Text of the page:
“The difference is a qualitative versus a quantitative output. EWH’s device has a qualitative yes or no output, identifying for the doctor when a viral load threshold has been reached,” said Maker. “On the other hand, the OVL Team has built a device that quantifies the amount of virus present.”
Hayley Chong and Kirk Hutchison are part of the OVL Team. 
Chong is a third year bioengineering major. “I chose Global TIES as a freshman because every student I met that was in the program was passionate about their project,” said Chong.
Hutchison, a second year biology major, chose to participate in Global TIES after hearing a talk by a Global TIES member at an event.
“Global TIES is the reason I came to UC San Diego,” said Hutchison.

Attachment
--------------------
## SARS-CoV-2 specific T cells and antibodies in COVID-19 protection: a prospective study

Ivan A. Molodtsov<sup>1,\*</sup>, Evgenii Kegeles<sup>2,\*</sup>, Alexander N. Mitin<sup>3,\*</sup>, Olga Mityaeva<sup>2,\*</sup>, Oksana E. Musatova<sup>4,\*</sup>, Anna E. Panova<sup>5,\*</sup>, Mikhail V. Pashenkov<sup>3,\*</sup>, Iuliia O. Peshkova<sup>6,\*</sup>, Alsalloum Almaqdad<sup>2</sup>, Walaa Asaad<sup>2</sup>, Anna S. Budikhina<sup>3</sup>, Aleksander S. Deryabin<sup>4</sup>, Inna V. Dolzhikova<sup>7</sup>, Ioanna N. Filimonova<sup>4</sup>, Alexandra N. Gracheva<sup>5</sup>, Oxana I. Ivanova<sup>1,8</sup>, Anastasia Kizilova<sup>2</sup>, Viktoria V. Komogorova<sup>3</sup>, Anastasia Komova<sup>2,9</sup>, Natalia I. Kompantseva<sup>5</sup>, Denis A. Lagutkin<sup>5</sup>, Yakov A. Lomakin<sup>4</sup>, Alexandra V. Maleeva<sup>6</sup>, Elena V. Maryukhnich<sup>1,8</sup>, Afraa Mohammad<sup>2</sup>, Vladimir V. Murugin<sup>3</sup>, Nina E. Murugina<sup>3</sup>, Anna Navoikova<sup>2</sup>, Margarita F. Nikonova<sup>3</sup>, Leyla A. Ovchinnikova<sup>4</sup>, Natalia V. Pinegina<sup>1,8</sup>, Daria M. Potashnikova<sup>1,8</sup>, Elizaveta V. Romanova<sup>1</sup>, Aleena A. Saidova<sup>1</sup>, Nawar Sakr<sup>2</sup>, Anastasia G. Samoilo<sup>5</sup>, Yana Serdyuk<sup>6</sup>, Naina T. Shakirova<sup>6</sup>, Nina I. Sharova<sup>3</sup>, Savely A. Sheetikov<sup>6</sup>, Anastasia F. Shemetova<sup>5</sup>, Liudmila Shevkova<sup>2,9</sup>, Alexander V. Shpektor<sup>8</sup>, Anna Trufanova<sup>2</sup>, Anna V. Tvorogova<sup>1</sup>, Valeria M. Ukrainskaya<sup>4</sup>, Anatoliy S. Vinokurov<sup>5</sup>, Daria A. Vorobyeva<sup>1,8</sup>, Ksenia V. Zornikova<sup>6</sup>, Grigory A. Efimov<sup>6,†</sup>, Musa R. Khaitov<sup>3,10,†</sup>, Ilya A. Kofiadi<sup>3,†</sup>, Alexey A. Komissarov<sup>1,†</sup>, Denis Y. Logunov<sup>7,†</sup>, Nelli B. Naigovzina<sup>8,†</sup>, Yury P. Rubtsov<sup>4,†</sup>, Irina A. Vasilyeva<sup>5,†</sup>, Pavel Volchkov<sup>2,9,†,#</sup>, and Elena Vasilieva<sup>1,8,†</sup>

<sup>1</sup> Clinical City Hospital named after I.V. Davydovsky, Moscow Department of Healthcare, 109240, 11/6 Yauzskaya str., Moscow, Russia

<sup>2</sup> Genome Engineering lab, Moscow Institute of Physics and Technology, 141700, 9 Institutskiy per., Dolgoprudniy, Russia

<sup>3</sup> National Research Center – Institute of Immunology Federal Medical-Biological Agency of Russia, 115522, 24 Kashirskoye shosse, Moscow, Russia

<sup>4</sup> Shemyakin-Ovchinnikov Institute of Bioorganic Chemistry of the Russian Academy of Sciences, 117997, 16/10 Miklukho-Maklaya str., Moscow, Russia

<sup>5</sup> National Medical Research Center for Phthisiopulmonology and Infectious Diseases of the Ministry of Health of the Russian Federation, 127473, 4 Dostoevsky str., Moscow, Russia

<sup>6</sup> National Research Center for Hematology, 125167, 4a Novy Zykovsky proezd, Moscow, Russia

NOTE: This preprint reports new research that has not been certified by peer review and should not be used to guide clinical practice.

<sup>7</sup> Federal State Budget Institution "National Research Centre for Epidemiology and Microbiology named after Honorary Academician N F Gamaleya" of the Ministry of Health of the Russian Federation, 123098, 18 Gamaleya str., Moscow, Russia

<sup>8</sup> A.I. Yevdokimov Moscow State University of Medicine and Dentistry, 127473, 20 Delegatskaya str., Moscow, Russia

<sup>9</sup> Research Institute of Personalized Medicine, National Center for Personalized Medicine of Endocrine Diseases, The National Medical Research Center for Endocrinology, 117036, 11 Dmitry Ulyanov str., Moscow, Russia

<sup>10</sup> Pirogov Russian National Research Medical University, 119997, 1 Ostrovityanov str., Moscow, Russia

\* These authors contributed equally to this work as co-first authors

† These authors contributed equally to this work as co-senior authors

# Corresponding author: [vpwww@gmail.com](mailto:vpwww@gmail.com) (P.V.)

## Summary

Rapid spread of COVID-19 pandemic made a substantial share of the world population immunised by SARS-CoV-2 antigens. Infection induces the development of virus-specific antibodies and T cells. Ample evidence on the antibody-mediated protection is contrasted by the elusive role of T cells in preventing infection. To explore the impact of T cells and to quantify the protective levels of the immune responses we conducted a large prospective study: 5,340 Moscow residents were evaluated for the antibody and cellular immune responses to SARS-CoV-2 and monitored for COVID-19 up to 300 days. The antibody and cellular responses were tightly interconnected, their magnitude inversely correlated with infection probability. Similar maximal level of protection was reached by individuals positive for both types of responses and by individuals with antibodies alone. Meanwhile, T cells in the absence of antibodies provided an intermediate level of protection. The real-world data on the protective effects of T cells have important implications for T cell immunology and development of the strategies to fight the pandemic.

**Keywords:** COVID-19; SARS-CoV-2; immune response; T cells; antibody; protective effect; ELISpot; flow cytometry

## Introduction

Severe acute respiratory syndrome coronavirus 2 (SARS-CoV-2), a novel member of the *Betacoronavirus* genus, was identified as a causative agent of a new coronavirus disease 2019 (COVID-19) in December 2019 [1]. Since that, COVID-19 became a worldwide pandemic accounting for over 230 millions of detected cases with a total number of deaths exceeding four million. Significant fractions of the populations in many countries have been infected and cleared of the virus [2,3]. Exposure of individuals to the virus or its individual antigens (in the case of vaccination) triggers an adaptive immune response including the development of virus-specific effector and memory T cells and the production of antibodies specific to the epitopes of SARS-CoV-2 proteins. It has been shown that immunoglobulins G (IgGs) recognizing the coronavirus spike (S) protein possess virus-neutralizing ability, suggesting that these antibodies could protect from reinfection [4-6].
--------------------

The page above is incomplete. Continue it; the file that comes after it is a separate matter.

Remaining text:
The two joined the OVL Team at the same time, after taking the introductory course  in the Global TIES program. 
“We decided to come up with a way to quantify the viral load,” said Chong. “We started with a microwell chip – once we extract the RNA, we can deposit it on the microwell chip and use a fluorescent probe to detect the number of copies in each sample. If five wells on the chip light up, there are five copies of the virus.”
The device is also advantageous because its components can be used separately to identify other diseases. Students will also be working with Dr. Davey Smith this summer to adapt the device as a rapid response test for the Zika virus.